Martin's refusal to enter coalition talks with Sinn Fein, a decision supported by his party, has provoked fury from McDonald. She calls it an insult to all the people who voted for change and says that a Fianna Fail-Fine Gael led coalition cannot be seen as the change that people want. She says Sinn Fein won more votes in the election than Fianna Fail and that Martin's position is "arrogant."
She says a grand coalition would be just more of the same failed policies that the last government led by Fine Gael and supported by Fianna Fail had pursued. No one could call that "change," she says.
And a minority of voters, including the 25 percent who voted for Sinn Fein in the election, will agree with her. But the 70 percent of voters who do not want a left wing government led by Sinn Fein, or any kind of government that included Sinn Fein, will take the other view.
It's also a bit simplistic to presume that a grand coalition between Fianna Fail and Fine Gael, supported by the Greens, would be exactly like the last government. For a start, Fianna Fail would be the dominant partner and its policies are more socially concerned than those of Fine Gael.
It would mean far more spending on housing and health, the two big issues in the election. There would be less emphasis on tax cuts and more concentration on improving public services and dealing with the problems like child care costs and commuting that are stressing so many people.
Even so, the emergence of a grand coalition government led by Fianna Fail and Fine Gael would be a shock to many voters, even some non-Sinn Fein voters who liked the idea of "change" and a different way of prioritizing how the country is run.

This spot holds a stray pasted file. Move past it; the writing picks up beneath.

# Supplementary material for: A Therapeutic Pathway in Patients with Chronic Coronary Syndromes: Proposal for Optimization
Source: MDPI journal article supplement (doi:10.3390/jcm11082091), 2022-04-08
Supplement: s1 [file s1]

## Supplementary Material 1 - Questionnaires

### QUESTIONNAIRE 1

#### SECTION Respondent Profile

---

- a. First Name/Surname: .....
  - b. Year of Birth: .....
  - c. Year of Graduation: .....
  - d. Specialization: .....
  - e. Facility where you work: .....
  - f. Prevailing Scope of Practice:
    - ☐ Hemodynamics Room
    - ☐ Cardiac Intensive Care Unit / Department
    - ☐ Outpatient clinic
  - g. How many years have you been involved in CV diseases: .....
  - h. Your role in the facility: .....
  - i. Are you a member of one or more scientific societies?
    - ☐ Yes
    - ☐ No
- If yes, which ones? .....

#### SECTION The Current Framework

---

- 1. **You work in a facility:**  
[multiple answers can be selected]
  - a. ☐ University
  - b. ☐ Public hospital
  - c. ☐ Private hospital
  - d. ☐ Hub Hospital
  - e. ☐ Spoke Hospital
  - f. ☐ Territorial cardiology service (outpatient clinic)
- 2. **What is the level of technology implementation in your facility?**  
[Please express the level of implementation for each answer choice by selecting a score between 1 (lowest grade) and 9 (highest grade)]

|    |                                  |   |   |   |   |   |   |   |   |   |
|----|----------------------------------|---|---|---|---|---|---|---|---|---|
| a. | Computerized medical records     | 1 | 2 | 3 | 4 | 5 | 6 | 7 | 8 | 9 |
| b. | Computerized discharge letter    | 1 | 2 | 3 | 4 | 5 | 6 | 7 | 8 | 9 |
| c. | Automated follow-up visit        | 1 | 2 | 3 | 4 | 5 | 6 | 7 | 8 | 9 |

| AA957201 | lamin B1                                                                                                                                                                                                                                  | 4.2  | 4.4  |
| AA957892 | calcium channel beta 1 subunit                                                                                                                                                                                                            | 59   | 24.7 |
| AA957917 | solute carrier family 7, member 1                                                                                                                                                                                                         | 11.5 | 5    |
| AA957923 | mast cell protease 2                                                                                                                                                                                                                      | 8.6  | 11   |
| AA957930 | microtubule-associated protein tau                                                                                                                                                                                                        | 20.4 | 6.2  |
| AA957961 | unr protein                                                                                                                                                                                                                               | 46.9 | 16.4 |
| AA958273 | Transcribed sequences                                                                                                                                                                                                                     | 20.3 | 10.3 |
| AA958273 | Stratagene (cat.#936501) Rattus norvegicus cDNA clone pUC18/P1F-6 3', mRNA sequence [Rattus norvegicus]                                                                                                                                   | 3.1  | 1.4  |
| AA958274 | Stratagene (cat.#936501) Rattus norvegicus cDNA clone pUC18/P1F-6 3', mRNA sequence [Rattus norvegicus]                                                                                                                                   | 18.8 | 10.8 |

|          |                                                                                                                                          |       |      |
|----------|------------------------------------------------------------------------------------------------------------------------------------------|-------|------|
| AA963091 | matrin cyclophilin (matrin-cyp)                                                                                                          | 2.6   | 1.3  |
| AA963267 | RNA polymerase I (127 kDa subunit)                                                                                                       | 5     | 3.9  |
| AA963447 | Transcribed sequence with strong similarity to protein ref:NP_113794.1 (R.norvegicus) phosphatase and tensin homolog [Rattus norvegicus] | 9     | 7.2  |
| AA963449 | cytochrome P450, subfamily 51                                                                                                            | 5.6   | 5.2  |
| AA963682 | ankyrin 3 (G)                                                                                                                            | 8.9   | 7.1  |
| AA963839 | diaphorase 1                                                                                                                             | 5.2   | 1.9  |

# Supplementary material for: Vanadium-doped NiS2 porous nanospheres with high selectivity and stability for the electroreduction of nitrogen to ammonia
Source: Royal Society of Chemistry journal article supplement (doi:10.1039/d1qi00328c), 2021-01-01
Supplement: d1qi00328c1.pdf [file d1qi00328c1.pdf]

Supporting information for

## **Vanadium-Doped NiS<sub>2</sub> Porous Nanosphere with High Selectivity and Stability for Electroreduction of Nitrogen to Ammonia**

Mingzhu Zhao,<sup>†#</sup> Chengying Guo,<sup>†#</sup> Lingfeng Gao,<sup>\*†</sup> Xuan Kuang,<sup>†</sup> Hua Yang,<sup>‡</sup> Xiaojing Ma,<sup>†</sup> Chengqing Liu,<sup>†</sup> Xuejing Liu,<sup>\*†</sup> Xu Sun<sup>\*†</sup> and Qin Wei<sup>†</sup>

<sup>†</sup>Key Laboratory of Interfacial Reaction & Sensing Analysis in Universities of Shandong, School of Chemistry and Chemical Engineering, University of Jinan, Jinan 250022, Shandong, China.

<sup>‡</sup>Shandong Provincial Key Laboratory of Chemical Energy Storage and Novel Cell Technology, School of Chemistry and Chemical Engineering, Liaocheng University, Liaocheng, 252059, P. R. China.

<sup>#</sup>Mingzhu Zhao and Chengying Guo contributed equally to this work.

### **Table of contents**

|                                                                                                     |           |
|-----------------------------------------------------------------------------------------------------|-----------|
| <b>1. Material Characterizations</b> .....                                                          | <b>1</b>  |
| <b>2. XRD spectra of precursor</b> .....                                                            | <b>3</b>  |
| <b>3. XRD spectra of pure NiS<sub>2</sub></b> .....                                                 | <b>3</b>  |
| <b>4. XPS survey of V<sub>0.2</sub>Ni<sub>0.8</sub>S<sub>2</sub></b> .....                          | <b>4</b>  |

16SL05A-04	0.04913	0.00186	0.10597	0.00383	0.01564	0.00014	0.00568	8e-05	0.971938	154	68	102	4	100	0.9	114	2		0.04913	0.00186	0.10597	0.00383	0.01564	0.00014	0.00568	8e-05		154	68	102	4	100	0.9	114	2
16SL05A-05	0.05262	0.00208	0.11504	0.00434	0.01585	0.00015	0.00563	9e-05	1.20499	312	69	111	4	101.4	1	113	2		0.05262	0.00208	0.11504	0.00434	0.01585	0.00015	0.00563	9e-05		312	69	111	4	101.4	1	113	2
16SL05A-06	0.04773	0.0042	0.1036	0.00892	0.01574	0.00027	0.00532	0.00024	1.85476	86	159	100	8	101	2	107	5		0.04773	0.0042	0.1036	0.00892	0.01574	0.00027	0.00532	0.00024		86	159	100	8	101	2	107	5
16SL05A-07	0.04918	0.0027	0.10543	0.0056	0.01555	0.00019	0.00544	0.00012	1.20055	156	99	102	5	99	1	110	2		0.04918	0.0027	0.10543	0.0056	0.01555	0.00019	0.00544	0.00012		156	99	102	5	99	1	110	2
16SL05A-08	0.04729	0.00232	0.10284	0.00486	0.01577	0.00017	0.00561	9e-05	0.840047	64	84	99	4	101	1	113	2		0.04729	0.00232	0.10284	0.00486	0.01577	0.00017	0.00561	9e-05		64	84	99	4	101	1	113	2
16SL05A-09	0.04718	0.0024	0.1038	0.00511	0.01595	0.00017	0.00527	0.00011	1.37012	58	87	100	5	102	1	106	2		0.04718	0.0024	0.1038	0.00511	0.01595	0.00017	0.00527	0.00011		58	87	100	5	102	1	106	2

In time, however, they might come to accept the idea, particularly if it is presented to them in the right way. And they are likely to have plenty of time to do so, since it may take not just weeks but months to negotiate such a government.
If a grand coalition does emerge, then Fianna Fail and Fine Gael are likely to present it as a kind of national government to deal with the emergency in housing and health. It would be launched with the announcement of a detailed emergency program to deal with the reasons so many voters are dissatisfied, particularly an accelerated program of house building costing billions of euro to deal with the housing shortage as quickly as possible.
It might also include further restrictions on rent increases, possibly even a rent freeze. And it is likely to see vast amounts of money being poured into the health services.
In other words, what Fianna Fail and Fine Gael would do is steal some of the populist clothes worn by Sinn Fein in the election, while still maintaining a degree of control on spending and borrowing. That would assuage much of the concerns of the people who voted for "change," especially the soft middle-class supporters (now being called the Posh Provos) who thought Sinn Fein should be given a chance.
But we're nowhere near the formation of a grand coalition yet. Fine Gael says it will only consider doing so if there is no other possibility of forming a government. Many Fianna Fail members are dubious. Meanwhile, the spurned Sinn Fein waits in hope of getting in on the action. It's still all to play for.